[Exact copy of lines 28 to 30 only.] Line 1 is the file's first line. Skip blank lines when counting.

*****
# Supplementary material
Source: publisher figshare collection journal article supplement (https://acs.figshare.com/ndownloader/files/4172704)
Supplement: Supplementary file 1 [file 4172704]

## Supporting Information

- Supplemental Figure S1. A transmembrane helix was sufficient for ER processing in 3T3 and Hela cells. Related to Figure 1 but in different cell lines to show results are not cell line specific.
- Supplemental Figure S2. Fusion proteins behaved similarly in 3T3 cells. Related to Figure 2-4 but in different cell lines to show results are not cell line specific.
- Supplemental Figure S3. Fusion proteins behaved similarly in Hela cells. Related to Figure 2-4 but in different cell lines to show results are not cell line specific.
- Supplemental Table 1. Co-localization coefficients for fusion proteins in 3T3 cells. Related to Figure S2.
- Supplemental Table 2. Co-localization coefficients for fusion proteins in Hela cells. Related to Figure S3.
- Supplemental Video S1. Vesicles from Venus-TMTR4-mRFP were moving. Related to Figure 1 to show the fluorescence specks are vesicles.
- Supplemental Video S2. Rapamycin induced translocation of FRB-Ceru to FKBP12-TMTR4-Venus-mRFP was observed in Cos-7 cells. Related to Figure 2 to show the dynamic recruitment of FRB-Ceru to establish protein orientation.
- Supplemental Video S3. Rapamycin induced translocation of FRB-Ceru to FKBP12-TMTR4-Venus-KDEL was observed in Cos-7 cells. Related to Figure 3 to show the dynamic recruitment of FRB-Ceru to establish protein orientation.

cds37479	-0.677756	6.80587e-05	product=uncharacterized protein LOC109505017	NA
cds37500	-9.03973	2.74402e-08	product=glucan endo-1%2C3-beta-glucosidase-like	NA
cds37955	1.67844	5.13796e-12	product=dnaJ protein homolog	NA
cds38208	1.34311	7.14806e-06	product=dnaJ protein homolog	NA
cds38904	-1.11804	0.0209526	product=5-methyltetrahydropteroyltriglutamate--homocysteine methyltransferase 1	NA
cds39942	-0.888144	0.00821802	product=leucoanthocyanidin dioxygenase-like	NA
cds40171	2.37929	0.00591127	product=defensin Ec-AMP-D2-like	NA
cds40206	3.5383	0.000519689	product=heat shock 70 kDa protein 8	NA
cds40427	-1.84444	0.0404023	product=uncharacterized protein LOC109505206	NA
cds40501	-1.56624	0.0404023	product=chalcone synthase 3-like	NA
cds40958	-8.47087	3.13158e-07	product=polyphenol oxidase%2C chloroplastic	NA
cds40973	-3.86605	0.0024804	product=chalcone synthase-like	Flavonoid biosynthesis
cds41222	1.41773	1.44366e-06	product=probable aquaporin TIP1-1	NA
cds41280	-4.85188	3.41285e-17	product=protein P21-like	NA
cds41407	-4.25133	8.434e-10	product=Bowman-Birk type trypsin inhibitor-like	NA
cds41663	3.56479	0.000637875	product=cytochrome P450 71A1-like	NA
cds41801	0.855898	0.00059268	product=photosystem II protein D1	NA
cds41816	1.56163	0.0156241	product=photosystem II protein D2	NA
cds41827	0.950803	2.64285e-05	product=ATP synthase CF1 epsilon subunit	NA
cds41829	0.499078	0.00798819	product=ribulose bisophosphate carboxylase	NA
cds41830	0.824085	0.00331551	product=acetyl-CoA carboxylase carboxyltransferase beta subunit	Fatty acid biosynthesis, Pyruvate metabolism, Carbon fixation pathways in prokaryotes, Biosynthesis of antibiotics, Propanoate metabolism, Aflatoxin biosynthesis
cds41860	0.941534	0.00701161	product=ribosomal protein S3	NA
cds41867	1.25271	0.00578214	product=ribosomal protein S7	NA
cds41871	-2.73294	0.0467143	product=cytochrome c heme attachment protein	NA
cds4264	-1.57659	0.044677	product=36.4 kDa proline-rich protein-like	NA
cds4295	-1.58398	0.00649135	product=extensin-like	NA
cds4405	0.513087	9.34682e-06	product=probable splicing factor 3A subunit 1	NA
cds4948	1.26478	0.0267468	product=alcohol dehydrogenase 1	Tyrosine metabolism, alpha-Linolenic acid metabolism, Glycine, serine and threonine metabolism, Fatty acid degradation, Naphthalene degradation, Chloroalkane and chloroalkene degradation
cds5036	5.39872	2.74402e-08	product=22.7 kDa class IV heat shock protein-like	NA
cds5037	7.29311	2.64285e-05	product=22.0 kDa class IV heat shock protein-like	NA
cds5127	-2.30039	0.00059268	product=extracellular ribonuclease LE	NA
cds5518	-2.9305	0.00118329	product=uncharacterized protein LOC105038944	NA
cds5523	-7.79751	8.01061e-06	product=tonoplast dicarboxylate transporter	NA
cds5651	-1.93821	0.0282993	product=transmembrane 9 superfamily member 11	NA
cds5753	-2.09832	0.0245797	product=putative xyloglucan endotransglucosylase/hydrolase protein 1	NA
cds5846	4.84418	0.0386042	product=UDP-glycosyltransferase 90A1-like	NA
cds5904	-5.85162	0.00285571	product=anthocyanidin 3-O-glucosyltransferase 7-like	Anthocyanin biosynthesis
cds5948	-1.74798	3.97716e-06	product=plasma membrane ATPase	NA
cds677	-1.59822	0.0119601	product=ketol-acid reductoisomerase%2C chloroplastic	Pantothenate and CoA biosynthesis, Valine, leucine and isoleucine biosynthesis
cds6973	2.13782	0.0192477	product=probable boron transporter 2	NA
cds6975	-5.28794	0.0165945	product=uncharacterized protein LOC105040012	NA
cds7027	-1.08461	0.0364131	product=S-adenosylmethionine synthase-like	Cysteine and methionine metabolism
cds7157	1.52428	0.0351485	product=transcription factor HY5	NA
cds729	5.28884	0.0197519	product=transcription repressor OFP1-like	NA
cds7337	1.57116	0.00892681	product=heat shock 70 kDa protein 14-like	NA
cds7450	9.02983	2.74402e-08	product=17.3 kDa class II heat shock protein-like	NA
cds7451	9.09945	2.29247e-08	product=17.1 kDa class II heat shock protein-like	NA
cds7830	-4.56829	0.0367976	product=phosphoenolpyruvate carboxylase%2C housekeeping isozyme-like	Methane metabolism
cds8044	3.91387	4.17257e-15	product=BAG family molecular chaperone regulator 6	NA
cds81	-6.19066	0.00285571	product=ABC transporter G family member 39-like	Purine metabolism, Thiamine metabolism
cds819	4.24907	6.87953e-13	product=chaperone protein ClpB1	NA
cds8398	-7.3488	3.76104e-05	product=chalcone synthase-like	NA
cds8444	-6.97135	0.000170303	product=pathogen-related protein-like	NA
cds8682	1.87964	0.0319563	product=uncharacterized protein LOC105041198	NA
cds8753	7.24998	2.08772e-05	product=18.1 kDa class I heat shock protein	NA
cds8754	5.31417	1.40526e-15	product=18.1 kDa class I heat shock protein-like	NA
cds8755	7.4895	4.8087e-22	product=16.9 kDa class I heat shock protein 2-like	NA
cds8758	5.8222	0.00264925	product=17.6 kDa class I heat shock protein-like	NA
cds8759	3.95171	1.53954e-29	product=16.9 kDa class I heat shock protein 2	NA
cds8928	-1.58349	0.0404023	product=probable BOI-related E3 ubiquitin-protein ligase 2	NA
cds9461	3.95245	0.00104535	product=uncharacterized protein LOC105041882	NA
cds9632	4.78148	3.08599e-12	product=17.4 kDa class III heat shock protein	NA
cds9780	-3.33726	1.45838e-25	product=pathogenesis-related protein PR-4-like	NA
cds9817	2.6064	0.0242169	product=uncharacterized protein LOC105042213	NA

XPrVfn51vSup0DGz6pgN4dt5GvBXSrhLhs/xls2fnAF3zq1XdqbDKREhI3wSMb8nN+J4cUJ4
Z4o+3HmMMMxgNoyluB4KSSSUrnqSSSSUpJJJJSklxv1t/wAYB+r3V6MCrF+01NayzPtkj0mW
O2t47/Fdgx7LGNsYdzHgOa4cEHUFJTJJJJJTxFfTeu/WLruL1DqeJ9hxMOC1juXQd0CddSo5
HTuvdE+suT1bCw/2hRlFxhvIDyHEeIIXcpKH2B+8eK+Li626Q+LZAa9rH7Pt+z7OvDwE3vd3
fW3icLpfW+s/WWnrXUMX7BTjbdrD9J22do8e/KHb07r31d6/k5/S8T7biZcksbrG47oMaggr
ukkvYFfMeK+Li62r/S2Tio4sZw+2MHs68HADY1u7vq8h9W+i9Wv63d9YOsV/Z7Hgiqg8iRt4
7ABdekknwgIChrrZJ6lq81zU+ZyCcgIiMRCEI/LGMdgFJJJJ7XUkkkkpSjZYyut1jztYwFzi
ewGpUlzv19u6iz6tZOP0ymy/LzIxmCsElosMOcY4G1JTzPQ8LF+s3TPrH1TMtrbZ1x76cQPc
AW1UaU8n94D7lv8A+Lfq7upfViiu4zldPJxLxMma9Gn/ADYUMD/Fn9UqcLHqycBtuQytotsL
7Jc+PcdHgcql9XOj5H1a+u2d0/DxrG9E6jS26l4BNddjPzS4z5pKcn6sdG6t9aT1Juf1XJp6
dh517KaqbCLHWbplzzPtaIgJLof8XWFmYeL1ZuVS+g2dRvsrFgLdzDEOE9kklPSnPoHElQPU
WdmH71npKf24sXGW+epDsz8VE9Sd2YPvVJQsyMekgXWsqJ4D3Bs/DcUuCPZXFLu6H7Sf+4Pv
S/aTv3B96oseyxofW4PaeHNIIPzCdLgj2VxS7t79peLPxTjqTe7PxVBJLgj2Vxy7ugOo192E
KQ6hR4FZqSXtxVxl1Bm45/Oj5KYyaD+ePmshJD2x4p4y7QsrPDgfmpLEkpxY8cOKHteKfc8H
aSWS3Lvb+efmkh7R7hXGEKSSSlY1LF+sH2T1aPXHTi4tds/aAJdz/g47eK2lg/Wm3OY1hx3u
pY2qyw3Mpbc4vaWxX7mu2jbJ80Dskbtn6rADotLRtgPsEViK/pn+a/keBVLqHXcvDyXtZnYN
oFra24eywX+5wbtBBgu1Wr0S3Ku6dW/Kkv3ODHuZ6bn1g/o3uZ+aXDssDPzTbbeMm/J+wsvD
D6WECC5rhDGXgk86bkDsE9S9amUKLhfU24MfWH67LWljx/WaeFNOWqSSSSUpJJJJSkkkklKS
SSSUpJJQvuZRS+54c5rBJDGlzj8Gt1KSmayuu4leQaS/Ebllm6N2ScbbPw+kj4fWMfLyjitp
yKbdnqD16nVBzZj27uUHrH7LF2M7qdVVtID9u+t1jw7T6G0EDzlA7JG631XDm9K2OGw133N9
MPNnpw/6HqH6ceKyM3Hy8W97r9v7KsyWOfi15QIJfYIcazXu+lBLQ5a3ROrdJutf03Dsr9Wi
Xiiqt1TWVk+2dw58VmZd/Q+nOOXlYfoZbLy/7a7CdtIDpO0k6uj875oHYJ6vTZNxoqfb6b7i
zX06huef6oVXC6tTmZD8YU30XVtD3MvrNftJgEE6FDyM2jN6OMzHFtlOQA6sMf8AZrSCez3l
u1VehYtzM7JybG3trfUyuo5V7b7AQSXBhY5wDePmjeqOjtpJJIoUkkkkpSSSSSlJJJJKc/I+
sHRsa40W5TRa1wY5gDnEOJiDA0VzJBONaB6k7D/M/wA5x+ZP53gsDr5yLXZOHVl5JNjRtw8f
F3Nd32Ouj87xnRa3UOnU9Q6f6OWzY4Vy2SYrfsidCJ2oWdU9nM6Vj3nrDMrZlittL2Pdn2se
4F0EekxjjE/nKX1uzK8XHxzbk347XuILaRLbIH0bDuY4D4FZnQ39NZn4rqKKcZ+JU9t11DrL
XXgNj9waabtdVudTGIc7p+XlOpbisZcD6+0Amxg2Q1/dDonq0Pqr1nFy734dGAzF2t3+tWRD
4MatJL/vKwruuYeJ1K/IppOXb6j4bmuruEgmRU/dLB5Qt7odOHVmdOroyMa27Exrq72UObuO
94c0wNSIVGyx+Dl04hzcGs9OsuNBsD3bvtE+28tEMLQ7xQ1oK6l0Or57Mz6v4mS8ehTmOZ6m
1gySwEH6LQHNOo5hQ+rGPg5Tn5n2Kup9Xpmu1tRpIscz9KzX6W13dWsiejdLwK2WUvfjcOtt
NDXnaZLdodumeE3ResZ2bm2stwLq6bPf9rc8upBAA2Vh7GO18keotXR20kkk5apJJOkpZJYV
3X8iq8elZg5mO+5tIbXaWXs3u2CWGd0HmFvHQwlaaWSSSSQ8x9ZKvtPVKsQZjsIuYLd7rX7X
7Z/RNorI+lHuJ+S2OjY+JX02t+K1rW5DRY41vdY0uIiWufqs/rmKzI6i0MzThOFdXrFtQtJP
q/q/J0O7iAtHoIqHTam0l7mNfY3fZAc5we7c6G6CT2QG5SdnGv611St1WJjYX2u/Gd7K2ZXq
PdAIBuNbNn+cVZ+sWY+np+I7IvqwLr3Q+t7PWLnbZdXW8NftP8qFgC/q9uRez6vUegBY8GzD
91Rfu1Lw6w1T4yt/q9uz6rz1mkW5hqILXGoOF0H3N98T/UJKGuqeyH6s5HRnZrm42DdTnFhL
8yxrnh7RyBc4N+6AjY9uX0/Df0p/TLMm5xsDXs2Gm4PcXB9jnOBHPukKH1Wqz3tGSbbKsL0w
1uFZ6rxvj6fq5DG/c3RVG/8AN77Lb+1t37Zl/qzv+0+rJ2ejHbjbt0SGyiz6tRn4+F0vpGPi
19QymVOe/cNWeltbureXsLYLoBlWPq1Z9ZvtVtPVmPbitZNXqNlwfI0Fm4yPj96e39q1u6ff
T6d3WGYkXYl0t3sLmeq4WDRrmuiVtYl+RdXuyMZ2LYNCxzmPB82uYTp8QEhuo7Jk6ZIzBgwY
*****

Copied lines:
cds41663	3.56479	0.000637875	product=cytochrome P450 71A1-like	NA
cds41801	0.855898	0.00059268	product=photosystem II protein D1	NA
cds41816	1.56163	0.0156241	product=photosystem II protein D2	NA